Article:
Frederick Douglass: Body, Spirit & Image in the #Manifest Project

I was a visiting faculty member at Rochester Institute of Technology when I began working on the first images that would later become the Manifest portfolio. One of the first objects that I photographed was a lock of Frederick Douglass’ hair in the collection of the Rush Rhees Library at the University of Rochester.

Hair, Frederick Douglass, Rush Rhees Library, University of Rochester, New York

In the collection is also a copy of The Works of Robert Burns, inscribed by Douglass to his son as the first book he purchased after becoming free of slavery.

First Book Purchased After Slavery, Frederick Douglass, Rush Rhees Library, University of Rochester, NY

First Book Purchased After Slavery, Frederick Douglass, Rush Rhees Library, University of Rochester, New York

As an Artist-in-Residence at the Bemis Center for Contemporary Arts in Omaha, NE, I expanded the work for the Manifest project through connections to various collections in Nebraska and Iowa. At the Nebraska State Historical Society, Lincoln, NE; I encountered Douglass again in the form of another lock of his hair. Douglass’s hair was part of a collection of hair mementos which included other members of the Douglass family.

Frederick Douglass Hair, Nebraska State Historical Society, Lincoln, NE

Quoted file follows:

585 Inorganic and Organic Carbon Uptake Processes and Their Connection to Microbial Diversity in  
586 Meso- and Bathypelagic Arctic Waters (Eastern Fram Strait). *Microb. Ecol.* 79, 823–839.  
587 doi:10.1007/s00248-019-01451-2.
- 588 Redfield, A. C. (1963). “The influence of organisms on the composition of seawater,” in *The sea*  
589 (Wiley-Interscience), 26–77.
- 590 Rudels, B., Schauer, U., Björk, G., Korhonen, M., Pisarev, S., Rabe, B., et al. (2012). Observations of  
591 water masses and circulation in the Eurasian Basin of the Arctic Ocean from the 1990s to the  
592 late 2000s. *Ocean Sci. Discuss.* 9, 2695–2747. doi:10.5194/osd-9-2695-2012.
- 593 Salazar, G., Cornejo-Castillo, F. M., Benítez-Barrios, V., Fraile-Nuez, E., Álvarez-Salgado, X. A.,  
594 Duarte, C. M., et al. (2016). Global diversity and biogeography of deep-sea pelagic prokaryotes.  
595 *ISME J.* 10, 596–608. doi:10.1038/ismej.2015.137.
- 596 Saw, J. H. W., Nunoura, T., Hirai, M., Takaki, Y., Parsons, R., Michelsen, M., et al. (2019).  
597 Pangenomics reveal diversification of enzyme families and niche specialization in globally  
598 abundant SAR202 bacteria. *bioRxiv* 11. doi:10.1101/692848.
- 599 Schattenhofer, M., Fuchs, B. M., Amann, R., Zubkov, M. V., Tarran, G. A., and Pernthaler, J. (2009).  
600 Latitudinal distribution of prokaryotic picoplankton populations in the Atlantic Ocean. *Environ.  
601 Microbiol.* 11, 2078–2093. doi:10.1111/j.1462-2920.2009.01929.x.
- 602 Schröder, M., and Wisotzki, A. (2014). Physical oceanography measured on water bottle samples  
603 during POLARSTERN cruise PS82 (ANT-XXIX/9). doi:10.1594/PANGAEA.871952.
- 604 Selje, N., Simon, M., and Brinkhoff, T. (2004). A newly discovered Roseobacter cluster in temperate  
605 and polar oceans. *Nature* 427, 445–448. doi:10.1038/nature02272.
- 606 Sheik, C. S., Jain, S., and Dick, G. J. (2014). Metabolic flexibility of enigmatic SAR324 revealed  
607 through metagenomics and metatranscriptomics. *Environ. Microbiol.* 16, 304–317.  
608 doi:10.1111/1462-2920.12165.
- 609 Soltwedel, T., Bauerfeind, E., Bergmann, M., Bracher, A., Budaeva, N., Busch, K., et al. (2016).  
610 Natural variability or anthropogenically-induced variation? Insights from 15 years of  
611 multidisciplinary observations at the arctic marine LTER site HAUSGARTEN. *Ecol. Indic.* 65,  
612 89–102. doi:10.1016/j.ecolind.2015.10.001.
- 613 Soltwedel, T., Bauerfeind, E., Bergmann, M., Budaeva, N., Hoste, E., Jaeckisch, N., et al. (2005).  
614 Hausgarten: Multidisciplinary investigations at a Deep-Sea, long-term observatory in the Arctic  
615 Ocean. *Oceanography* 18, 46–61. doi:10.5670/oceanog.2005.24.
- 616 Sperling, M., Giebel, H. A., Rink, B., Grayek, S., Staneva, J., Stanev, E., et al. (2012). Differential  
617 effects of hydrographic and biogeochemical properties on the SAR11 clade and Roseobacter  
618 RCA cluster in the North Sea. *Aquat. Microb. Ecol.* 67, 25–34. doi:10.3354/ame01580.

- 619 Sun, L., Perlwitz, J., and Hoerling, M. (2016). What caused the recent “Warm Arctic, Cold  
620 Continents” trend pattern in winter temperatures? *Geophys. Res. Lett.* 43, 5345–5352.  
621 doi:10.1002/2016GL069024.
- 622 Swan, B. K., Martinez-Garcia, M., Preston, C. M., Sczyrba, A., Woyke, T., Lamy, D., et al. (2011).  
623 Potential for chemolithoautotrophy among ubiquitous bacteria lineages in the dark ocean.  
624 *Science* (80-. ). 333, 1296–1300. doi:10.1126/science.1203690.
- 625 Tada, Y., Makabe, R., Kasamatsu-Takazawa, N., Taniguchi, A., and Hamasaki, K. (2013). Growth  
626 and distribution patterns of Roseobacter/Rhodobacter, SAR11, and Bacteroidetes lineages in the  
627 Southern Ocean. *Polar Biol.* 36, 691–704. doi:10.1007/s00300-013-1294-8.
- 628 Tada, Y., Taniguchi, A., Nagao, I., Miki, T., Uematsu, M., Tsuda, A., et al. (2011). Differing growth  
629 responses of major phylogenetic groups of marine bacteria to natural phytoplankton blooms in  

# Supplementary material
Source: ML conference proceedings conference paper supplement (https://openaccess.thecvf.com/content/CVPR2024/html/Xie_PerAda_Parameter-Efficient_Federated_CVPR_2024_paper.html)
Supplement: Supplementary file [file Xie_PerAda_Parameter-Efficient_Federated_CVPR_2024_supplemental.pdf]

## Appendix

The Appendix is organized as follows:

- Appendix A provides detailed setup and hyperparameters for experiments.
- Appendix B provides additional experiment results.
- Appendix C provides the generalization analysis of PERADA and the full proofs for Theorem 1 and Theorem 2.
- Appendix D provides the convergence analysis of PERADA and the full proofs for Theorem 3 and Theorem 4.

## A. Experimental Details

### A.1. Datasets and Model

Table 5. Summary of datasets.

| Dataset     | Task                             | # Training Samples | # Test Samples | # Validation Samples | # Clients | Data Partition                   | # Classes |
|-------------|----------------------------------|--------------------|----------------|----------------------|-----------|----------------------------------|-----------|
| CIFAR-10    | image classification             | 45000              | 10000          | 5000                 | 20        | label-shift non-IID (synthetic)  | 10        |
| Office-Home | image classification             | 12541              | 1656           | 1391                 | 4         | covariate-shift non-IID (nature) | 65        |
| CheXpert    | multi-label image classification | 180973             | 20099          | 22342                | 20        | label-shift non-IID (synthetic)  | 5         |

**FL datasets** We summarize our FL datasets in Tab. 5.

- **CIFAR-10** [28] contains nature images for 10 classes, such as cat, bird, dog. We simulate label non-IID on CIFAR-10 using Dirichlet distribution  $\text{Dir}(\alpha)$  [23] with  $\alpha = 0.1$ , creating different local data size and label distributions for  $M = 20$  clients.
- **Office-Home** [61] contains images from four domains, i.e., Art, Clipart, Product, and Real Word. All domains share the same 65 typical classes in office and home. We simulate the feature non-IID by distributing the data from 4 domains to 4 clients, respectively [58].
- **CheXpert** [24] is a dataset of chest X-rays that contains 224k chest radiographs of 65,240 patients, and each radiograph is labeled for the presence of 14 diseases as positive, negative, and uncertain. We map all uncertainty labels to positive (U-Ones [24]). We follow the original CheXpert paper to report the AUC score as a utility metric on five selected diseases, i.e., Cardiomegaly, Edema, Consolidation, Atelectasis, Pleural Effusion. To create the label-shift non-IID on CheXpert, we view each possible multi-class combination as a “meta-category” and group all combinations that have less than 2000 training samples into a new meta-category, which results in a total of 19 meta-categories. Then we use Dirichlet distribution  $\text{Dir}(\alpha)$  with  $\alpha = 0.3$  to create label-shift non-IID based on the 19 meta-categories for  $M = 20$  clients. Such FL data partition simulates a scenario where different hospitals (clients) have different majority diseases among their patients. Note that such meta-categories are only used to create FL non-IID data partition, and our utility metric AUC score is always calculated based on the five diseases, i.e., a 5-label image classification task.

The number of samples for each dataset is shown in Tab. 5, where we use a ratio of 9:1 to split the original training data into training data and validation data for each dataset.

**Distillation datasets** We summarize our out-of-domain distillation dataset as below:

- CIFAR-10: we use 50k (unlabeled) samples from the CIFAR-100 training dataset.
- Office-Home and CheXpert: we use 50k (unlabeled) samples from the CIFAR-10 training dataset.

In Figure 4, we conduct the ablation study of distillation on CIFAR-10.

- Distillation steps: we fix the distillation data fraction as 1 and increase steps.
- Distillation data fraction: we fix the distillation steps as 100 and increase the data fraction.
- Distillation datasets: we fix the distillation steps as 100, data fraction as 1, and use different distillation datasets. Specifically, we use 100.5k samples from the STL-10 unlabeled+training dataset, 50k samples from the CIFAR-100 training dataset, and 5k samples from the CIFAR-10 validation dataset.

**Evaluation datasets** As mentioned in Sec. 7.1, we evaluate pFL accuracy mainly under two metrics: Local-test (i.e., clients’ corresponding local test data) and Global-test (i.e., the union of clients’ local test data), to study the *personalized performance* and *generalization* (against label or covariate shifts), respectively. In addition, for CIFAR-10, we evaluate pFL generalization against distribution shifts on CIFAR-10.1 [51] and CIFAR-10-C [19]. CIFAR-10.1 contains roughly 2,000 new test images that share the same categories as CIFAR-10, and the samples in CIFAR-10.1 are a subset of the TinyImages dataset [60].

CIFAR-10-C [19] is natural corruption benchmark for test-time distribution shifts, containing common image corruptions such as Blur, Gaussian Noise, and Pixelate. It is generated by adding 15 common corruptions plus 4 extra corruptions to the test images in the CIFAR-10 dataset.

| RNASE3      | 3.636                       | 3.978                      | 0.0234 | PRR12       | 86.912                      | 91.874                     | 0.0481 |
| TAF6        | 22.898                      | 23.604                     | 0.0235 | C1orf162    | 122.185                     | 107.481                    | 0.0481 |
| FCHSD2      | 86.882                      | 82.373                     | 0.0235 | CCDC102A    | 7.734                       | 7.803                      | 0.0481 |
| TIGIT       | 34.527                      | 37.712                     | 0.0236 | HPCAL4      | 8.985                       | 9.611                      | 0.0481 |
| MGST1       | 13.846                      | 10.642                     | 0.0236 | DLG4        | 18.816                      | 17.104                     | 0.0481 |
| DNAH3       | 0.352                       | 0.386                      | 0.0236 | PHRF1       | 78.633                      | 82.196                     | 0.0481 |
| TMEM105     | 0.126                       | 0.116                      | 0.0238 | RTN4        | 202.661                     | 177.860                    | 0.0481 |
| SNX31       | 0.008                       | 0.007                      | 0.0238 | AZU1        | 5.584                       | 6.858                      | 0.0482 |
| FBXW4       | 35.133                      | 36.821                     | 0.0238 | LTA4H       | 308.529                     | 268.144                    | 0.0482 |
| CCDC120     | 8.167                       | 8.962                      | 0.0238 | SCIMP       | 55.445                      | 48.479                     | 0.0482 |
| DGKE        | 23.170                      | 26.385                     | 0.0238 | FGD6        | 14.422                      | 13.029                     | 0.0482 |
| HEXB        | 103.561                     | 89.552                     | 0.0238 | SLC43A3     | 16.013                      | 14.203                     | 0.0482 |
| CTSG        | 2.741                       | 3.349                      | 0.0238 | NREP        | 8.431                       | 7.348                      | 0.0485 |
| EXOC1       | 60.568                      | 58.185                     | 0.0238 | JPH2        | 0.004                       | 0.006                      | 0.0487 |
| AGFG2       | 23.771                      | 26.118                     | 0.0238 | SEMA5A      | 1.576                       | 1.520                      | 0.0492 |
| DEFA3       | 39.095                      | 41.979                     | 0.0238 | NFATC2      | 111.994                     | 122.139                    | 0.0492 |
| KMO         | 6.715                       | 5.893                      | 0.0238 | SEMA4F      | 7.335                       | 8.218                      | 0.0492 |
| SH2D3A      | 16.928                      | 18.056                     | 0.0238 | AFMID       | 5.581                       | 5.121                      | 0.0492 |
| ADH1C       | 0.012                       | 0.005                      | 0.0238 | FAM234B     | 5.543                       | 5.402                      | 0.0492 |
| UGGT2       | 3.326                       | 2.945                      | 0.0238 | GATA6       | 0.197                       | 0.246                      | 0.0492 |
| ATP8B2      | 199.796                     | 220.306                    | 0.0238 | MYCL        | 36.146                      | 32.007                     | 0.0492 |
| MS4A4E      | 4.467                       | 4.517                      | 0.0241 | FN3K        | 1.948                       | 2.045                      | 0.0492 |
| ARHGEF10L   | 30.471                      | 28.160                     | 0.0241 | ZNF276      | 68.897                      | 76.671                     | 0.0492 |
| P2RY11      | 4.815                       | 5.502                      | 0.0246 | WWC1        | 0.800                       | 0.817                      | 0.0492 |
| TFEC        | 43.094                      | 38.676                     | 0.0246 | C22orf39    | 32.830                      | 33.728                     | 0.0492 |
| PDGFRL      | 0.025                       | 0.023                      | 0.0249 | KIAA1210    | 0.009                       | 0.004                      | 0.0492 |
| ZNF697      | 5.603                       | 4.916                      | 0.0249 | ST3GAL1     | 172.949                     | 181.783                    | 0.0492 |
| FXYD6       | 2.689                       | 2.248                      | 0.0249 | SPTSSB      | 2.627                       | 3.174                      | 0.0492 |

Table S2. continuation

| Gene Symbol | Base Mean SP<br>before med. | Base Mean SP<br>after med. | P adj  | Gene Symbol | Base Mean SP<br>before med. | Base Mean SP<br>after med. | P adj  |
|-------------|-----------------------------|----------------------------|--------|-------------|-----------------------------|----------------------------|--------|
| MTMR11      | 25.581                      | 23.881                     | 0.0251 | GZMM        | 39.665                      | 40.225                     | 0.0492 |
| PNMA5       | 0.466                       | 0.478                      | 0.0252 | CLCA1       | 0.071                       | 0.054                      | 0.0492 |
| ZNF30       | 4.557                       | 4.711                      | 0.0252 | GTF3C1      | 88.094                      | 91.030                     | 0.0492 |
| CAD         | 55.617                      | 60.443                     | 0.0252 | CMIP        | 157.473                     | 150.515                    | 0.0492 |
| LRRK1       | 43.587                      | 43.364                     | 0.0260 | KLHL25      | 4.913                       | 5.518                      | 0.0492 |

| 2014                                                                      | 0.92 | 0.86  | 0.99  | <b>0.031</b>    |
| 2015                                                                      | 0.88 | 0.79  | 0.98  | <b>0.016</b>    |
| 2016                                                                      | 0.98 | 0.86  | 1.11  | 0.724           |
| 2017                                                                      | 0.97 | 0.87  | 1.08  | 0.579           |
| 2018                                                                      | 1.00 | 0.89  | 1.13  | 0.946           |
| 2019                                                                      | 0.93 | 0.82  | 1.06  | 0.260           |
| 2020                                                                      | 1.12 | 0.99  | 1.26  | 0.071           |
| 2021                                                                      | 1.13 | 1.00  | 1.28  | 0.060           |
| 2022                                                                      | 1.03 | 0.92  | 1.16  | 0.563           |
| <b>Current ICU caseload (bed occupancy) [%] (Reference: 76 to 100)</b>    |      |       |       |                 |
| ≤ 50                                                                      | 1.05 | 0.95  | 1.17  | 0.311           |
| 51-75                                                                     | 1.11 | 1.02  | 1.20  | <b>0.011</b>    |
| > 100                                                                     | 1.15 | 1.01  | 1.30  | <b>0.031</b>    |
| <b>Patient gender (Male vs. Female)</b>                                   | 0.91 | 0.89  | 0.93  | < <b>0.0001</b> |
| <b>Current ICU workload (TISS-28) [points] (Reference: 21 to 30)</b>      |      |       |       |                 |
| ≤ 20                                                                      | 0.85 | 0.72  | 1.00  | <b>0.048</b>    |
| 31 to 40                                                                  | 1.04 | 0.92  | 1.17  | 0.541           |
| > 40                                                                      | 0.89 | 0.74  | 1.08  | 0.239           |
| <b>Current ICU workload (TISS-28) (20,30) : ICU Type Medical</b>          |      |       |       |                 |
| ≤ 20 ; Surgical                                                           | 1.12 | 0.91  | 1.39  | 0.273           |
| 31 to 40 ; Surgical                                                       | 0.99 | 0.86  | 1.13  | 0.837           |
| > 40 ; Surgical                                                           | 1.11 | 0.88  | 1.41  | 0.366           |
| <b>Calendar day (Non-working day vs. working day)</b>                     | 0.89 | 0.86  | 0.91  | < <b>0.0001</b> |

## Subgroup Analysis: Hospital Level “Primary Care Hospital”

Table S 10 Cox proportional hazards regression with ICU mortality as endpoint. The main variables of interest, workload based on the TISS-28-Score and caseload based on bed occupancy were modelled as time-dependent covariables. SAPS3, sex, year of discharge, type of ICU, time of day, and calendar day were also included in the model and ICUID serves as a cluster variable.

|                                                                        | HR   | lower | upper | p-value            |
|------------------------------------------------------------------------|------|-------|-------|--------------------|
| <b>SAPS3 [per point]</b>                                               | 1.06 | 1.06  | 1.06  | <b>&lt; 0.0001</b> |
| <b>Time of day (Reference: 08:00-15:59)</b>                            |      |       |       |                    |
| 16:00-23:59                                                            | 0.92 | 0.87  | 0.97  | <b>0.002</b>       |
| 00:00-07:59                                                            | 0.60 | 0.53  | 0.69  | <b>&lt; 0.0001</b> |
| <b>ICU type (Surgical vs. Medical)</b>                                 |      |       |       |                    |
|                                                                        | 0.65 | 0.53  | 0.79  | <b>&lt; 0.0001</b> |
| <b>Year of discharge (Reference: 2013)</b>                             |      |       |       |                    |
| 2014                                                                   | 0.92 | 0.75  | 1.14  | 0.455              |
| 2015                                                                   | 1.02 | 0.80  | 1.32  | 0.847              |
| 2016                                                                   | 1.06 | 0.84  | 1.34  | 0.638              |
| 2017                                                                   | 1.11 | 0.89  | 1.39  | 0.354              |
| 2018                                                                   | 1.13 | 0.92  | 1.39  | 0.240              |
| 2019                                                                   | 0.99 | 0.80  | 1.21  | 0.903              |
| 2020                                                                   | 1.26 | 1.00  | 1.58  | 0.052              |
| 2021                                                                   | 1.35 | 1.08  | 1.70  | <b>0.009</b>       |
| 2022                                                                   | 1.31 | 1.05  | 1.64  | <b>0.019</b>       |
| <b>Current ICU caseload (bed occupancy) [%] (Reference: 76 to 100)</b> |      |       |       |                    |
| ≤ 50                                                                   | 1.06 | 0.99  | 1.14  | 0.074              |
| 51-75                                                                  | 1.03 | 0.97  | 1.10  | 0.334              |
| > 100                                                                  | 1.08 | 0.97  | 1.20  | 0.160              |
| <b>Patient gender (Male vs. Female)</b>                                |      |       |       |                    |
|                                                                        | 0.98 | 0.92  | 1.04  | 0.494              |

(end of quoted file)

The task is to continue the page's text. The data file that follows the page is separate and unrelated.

Frederick Douglass Jr. Hair, Nebraska State Historical Society, Lincoln, NE

Harriet Douglass Hair, Nebraska State Historical Society, Lincoln, NE

Rossetta Douglass Hair, Nebraska State Historical Society, Lincoln, NE

During the summer of 2016, working with Molly Roberts (then photo-editor of Smithsonian Magazine), I was given access to objects in the collection of the National Museum of African American History and Culture. The photographs were published in the September 2016 issue of Smithsonian Magazine, dedicated to the opening of the new museum.

Ambrotype of Frederick Douglass, NMAAHC, Washington, DC

This image of the Douglass Ambrotype (not the published version) in the NMAAHC collection, encompasses the complex and powerful meanings of African American material culture and the often overlooked/excluded contributions to American history.

No comments yet. Be the first.